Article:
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  1. #11
    Michelle the Camper's Avatar
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    @ Raifnuke…awesomw diagrams, just like having x ray vision! I'm getting my thoughts and materials gathered to start a DIY UQ, and now have more food for that thought!
    Thanks 100milerun for starting the thread!

  2. #12
    swankfly's Avatar
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    I think the super fly is a French seam, I'm no seamstress.

    swank

  3. #13
    Moderator raiffnuke's Avatar
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    Quote Originally Posted by Michelle the Camper View Post
    @ Raifnuke…awesomw diagrams, just like having x ray vision! I'm getting my thoughts and materials gathered to start a DIY UQ, and now have more food for that thought!
    Thanks 100milerun for starting the thread!
    Thanks. If you have questions, feel free to ask me, I will try and help as best as I can.

  4. #14
    Detail Man's Avatar
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    Quote Originally Posted by rcracin24 View Post
    Does anyone know what type of seam Warbonnet uses on their tarps?...the no seam sealing required seam...
    Warbonnet uses a standing seam on the Superflys I've seen. The edges of the fabric are sewn together, then gros grain is applied. Having never cut one open, I don't know if there is a rolled hem or simple seam under the grosgrain.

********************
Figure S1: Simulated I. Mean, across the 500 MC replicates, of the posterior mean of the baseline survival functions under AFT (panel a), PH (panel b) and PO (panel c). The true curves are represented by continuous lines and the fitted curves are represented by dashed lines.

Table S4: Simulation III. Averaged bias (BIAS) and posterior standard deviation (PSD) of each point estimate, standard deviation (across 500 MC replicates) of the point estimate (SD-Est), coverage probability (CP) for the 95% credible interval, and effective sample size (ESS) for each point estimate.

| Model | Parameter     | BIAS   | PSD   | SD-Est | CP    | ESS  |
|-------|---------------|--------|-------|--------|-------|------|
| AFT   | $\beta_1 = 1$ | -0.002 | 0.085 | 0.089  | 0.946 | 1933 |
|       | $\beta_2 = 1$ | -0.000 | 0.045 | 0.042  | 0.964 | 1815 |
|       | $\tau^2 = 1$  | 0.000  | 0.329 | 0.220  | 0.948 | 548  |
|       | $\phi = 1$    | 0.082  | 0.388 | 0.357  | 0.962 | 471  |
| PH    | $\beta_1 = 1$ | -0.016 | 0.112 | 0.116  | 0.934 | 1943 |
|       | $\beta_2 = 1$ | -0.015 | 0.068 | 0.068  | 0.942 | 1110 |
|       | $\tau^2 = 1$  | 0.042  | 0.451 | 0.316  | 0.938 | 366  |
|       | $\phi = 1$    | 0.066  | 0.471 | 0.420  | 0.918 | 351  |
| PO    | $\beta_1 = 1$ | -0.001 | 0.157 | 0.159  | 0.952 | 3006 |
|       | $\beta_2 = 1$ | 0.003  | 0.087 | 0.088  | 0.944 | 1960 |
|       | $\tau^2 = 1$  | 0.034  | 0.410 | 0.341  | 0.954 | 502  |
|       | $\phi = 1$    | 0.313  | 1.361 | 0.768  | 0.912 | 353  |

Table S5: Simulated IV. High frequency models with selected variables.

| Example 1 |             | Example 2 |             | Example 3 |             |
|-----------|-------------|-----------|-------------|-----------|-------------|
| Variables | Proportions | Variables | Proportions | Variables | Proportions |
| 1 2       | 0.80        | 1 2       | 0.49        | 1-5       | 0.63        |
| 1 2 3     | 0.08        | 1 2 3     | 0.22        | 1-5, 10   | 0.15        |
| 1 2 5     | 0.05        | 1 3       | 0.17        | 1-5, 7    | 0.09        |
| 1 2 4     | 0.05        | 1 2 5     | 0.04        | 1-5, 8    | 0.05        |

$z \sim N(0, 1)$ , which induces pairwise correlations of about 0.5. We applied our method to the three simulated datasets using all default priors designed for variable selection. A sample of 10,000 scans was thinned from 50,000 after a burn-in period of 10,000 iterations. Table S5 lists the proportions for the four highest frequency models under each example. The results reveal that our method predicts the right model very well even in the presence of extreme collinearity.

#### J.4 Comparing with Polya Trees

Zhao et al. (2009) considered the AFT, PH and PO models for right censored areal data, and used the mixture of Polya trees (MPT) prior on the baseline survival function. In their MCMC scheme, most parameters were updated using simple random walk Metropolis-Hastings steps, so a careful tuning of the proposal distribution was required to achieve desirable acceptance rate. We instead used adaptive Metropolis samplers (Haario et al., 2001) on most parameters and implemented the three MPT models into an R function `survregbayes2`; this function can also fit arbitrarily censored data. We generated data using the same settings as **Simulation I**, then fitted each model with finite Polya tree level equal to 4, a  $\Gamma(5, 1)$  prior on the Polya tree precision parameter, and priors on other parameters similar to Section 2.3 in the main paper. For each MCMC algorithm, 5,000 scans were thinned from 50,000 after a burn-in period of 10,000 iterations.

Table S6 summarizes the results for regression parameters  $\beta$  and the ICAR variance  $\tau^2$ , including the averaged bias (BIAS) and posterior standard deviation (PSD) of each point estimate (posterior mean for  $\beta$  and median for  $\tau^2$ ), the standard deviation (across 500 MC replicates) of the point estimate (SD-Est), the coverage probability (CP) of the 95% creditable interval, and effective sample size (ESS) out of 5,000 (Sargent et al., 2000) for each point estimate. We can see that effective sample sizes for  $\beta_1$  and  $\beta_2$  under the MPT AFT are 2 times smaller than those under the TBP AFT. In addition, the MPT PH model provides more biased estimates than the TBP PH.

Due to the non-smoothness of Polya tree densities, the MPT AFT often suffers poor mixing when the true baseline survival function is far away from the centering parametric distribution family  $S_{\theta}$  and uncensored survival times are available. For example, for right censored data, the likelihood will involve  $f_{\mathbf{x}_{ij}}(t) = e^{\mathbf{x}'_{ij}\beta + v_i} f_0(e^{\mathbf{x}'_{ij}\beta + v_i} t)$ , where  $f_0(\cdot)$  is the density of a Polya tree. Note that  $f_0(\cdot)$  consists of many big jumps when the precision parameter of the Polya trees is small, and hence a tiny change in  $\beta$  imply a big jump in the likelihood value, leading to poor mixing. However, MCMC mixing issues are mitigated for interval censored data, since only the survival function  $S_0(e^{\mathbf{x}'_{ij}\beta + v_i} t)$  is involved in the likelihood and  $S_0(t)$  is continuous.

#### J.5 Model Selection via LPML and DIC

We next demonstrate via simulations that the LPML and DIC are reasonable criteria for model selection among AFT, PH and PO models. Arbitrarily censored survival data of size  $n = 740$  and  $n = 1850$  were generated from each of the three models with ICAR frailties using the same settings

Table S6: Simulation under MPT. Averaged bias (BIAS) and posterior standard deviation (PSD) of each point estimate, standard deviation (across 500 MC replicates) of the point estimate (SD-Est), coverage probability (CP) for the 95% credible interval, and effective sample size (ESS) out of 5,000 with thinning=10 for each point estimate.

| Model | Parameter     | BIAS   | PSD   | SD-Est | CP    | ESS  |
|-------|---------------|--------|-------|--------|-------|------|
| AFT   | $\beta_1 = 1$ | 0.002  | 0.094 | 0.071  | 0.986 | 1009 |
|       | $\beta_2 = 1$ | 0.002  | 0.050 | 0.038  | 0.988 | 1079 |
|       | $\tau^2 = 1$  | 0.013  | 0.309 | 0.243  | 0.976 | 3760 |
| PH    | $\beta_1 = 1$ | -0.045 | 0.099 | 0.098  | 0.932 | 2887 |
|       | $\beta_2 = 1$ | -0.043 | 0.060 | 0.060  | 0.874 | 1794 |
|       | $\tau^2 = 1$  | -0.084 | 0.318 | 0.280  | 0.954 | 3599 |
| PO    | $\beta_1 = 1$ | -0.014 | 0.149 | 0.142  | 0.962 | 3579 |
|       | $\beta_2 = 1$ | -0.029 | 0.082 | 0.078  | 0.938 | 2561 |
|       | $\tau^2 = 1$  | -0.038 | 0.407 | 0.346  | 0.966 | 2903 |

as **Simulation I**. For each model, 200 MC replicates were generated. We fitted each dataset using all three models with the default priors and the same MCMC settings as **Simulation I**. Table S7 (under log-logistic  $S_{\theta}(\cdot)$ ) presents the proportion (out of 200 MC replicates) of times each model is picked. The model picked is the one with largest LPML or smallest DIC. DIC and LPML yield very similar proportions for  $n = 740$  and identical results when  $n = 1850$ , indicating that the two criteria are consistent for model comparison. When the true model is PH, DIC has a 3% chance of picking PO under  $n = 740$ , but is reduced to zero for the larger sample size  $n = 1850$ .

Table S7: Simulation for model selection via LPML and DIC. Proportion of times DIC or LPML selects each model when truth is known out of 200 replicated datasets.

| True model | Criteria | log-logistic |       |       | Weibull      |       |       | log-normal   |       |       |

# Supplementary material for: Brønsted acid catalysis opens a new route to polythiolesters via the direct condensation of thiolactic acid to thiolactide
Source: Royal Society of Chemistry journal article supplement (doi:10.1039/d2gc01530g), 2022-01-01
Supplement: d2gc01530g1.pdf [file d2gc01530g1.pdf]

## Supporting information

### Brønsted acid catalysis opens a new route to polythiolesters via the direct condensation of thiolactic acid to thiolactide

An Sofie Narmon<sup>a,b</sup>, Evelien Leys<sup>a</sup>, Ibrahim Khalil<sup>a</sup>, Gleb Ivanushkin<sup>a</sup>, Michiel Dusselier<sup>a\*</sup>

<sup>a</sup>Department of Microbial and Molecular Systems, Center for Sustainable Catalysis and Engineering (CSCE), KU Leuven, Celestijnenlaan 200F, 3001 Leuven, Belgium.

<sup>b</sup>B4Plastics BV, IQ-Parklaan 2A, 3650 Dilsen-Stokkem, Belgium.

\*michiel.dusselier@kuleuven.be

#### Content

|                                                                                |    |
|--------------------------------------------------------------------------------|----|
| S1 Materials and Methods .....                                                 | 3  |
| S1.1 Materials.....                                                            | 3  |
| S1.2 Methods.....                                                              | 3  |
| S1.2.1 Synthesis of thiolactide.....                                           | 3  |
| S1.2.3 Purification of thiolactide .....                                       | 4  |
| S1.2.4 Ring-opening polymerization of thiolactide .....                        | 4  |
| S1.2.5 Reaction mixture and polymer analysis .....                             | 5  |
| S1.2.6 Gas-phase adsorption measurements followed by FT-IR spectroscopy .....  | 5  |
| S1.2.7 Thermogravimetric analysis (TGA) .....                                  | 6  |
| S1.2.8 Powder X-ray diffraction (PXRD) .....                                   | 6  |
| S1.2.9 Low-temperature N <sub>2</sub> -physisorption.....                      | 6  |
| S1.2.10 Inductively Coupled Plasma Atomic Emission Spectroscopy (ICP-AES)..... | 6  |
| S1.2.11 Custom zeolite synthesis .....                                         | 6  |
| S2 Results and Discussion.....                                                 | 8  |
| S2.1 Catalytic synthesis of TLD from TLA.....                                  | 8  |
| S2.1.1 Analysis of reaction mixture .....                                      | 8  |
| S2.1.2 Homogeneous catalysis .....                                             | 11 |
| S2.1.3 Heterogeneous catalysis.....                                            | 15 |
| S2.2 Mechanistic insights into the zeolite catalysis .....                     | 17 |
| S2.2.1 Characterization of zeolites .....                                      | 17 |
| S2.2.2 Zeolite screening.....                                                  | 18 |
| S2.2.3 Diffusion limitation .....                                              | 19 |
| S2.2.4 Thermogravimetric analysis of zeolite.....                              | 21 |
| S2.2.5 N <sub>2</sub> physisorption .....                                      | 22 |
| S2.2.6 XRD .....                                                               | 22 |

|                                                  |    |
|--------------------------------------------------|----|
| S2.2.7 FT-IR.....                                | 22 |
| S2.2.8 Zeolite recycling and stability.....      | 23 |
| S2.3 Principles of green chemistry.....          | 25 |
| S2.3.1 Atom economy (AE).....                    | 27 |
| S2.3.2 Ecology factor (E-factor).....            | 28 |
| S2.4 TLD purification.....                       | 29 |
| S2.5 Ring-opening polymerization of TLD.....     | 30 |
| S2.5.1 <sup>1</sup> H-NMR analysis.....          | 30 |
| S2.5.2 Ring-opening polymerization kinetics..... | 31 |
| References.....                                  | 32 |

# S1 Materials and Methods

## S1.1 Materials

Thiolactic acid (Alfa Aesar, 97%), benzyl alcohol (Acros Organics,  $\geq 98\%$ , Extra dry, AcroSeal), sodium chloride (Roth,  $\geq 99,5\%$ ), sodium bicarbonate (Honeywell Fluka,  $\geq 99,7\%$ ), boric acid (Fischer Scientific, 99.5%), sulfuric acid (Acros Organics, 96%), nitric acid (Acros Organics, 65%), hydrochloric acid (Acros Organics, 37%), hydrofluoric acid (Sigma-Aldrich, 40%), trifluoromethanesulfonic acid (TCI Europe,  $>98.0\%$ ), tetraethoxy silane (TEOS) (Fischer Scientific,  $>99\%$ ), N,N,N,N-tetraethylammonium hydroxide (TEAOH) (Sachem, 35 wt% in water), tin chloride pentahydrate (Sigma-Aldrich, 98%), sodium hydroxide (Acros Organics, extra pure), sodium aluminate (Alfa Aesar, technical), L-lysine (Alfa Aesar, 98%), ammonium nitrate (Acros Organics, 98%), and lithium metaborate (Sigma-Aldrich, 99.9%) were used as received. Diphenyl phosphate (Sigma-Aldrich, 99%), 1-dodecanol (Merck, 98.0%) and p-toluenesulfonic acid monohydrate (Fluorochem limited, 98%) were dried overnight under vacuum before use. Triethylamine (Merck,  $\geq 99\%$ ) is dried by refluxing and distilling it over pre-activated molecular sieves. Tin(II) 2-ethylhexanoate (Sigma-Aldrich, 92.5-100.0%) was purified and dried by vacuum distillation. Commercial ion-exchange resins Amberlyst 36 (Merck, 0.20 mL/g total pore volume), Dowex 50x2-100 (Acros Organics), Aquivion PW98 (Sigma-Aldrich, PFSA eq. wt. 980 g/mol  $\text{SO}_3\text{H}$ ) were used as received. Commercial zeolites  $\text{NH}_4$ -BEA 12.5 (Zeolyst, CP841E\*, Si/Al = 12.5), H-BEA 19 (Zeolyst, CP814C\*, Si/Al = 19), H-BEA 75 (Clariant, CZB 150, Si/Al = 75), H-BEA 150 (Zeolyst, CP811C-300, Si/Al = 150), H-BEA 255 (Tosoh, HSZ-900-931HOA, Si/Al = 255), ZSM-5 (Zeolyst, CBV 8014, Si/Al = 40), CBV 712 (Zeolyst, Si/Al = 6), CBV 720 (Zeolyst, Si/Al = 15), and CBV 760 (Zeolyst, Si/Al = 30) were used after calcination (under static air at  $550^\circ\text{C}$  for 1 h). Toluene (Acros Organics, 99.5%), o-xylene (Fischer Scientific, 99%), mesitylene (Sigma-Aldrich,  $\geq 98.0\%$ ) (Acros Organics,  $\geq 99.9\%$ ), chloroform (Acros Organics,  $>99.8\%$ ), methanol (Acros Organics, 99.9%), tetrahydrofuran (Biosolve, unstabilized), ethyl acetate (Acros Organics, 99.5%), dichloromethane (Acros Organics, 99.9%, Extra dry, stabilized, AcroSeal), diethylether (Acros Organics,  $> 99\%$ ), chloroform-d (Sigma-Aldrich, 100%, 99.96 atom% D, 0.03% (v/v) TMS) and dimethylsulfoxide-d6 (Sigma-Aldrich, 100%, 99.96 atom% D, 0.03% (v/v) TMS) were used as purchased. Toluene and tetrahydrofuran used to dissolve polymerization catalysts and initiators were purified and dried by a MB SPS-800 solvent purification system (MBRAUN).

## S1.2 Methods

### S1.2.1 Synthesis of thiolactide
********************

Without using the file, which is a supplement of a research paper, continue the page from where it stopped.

When I did the standing seam on two different tarps, I roll hemmed both tarp halves together, then added gros grain along seam.

    Having made several tarps with flat felled (as linked by the OP) and standing seam, I find the standing seam to be more easily sewn because the bulk of the fabric always stays to the left of the needle. With flat felled and french seams, half of the tarp must pass to the right of the needle.

    French seams are a bit easier to construct, IMO. Flat felled (as diagramed in the OPs link) are a bit more tedious, at least with my method. Raiffnuke's flat felled diagram looks like it goes together a bit differently than I have tried, but resulting the same.

    In doing an online search a while back for flat felled and french seams, these terms get interchanged often making understanding the difference confusing. Raiffnuke's diagram is probably the best I've seen in showing the difference. DIYGS's diagram uses the term "flat felled/french seam hybrid." To me it's not really a hybrid so much as a french seam sewn flat.